It’s hard to look too much into international friendlies. Most of the time they are just cash grabs for international soccer federations. But this past fortnight saw a couple of big fish meet across the globe. And with the World Cup just 11 weeks away, there was a lot to take away from the exhibition matches.
Spain are the best value
That Spain (+615) are fourth favorites to win the World Cup, even after demolishing Argentina, who are right behind them in fifth, is pretty ludicrous. Since the appointment of Julen Lopetegui the former World and European champions have managed to combine the experience of their golden generation with the energy and exuberance of a crop of young players the manager knows all about from his time in charge of the Under 21s.
La Roja’s starting XI are frightening, but the thing that may set them apart this summer is the sheer strength in depth they possess, particularly in midfield. It’s the likes of Thiago, Asensio and Isco (pictured above) that take the burden off the strikers to score, and in Diego Costa and Iago Aspas they have two relatively unglamorous front men willing to do the dirty work and ensure Spain win back possession high up the pitch. Combine that with the best back three in terms of keeper and centerbacks in the world and the Spaniards remain a great price.
Messi and Ronaldo might not make it too far
While Spain were insatiable at times, Argentina (+1045) were suicidal on Tuesday, and while the Argentinians were without Lionel Messi, the magician doesn’t have a trick to stop the defense from committing outrageous errors. While manager Jorge Sampaoli is lauded for thinking outside the box with his tactics, his demands take time to get to grips with — as was evident for spells with Sevilla — and the protection ahead of a haphazard defense just isn’t good enough.
In one of the more competitive groups, facing Croatia, Nigeria and Iceland, the South Americans could easily come out on top, but their propensity to self-destruct could also be fateful.
Elsewhere, reigning European champions Portugal (+2790) look well off the pace too, and relying on Cristiano Ronaldo may not get them far. The 33-year-old Real Madrid star pulled a victory from thin air against Egypt, trailing 1-0 prior to two stoppage-time strikes, but couldn’t prevent an embarrassing defeat to one of the weakest Dutch sides in recent memory. They don’t have a prayer against Spain in their group, and Morocco, who secured an impressive win in Serbia last week, aren’t to be underestimated.
A knockout phase with no Messi or Ronaldo is far from an impossibility.
Germany shouldn’t be favorites
It became abundantly clear where Germany (+455) fall short of Spain over the past week, and it wasn’t when the two European heavyweights came to blows last Friday. With both sides fielding something close to their strongest sides on the night, while Spain saw plenty of the ball, Joachim Loew’s men were decent in their 1-1 draw.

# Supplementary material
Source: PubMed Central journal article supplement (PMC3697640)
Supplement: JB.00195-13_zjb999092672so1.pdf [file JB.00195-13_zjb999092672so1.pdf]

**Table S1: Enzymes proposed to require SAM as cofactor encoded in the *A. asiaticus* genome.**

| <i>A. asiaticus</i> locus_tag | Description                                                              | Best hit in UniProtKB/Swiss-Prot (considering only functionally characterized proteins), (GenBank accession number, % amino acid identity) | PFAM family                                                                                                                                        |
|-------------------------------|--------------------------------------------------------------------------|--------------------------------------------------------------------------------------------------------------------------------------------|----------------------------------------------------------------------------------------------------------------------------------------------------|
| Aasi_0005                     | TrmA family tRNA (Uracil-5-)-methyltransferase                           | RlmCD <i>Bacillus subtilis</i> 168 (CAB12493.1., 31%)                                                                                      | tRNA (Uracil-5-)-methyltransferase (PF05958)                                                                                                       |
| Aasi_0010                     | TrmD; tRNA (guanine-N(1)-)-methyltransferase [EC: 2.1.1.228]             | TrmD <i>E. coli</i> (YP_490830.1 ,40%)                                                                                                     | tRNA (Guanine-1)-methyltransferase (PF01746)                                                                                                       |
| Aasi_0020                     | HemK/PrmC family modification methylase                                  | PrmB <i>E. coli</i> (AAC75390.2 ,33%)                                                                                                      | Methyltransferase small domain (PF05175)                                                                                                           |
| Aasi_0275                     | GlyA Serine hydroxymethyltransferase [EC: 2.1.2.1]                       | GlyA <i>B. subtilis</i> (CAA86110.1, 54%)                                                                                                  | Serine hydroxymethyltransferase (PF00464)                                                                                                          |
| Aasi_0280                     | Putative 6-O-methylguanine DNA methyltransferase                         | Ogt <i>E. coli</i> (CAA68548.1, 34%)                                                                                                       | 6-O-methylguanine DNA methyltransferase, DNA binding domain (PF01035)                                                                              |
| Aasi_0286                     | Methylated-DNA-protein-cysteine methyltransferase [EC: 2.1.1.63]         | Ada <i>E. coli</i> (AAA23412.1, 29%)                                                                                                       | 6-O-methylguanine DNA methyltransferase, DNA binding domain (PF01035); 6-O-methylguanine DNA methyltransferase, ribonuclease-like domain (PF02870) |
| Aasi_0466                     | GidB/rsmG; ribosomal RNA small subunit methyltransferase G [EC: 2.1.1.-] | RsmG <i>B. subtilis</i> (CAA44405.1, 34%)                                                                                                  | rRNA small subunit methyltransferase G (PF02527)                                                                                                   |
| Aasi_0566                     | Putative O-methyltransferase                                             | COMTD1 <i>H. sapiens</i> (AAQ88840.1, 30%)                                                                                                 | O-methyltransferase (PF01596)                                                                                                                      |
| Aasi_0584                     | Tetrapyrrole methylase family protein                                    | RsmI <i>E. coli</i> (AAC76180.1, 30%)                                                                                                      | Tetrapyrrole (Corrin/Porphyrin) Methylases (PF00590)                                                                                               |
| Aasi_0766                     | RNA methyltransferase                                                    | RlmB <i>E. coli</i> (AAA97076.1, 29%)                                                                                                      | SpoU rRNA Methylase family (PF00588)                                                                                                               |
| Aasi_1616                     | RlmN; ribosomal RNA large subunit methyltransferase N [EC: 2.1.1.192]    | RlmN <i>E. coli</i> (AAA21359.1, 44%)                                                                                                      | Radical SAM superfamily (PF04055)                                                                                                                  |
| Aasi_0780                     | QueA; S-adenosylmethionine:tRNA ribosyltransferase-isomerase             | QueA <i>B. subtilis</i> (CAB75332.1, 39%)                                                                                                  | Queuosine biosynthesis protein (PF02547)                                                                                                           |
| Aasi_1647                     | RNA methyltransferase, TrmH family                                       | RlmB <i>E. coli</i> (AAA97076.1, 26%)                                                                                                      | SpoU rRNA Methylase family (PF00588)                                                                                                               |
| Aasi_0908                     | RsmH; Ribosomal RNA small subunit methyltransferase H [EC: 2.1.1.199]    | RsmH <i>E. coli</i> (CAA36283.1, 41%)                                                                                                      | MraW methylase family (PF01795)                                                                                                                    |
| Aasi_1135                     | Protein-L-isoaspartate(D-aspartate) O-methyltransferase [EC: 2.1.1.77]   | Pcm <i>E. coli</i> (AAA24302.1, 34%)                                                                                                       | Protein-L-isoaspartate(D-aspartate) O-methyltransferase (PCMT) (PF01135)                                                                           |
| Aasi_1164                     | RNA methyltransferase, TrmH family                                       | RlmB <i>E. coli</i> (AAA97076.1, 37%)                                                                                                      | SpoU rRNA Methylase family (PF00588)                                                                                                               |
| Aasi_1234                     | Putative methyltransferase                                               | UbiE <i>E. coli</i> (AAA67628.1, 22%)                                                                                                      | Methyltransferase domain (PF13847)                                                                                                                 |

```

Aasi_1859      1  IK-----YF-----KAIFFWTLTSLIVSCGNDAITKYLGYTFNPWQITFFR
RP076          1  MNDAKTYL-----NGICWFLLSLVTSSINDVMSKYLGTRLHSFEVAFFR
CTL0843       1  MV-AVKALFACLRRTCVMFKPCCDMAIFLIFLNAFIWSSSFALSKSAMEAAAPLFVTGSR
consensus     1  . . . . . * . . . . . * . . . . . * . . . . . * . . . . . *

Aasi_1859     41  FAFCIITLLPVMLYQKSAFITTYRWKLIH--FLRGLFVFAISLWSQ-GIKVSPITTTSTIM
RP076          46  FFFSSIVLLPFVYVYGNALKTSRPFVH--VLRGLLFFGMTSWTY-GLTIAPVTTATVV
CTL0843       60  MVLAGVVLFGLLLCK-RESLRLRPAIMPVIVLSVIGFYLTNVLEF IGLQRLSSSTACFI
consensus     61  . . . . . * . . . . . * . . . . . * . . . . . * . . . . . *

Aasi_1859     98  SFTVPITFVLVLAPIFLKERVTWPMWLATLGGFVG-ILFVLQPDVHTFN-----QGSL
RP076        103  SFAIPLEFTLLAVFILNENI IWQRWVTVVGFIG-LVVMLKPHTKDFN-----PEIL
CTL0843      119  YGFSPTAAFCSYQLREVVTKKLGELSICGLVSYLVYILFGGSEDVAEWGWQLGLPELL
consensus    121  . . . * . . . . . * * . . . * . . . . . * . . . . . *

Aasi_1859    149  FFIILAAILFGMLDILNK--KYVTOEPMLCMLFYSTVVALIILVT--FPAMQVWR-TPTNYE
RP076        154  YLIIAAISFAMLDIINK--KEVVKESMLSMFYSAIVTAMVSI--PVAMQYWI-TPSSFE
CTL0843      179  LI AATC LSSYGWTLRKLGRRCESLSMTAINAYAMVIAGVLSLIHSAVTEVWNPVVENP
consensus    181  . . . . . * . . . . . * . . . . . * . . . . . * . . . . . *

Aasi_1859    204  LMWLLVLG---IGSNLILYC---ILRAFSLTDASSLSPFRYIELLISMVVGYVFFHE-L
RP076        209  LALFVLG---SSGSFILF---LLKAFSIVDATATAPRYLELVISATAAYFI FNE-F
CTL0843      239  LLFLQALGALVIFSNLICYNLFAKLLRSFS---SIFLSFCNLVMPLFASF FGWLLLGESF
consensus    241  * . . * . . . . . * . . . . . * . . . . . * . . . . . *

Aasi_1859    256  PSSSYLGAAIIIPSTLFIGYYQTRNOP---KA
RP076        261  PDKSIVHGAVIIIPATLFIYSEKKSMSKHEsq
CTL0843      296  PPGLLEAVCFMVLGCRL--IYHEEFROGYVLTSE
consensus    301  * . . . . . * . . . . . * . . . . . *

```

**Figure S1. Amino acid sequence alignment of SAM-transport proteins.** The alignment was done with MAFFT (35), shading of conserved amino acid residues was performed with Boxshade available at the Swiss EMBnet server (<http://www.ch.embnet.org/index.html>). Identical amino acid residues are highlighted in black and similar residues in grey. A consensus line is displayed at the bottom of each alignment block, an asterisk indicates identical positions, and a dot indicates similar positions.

However, the Germans weren’t at the races when Brazil came to visit on Tuesday, and the absences of mainstays Mats Hummels, Sami Khedira, Thomas Muller and Mesut Ozil — all of whom played vital roles in the 7-1 demolition of the Selecao at the previous World Cup — were keenly felt.
The big problem, however, is a lack of goals in the side, and while Timo Werner is a great prospect, he was abject against Spain while Mario Gomez faltered facing Brazil. Without an obvious immediate heir to take on Miroslav Klose’s astonishing World Cup record, Die Mannschaft may just fall short in a bid to retain their title.
Brazil can cope without Neymar
There’s no doubt that Brazil (+445) will be sweating on the fitness of their star man for the weeks and months to come, but two victories in a matter of days without Neymar have eased fears that Tite’s side aren’t up to the task without him. Defensively they look assured, with an extremely experienced backline and excellent keeper in Alisson, while Gabriel Jesus and Roberto Firmino are superb options to lead the line, and both are very hard-working to boot.
With Coutinho able to step up for his country to replace Neymar — where he has at Barcelona — the pressure of the task will be nothing new to the former Liverpool man, and he’s a great understudy to have who may even offer the side more balance. The chances are that Neymar will win his fitness race, but it wouldn’t be an unmitigated disaster if he didn’t compared to the nation’s most shameful showing four years ago.
England must practice penalties!
Spot kicks are not something any England (+1790) fan ever wants to rely on, let alone Gareth Southgate, who missed a decisive one on home soil at Euro ’96, but the Three Lions can’t put games to bed. They were comfortably the better side against the Netherlands but only won, 1-0, before letting a lead of that scoreline slip against an underwhelming Italy lineup.
There are positives for the manager to take, with the side adopting his approach well in terms of playing out from a new look back three, with an impressive defensive record in that system, but the final ball is lacking. For all of Harry Kane’s goal-scoring ability, his return won’t fix that. And while England should reach the knockout stage comfortably, it’s hard to see them scoring more than once in a game against stronger opposition.
All odds from 5Dimes and current as of Thursday morning.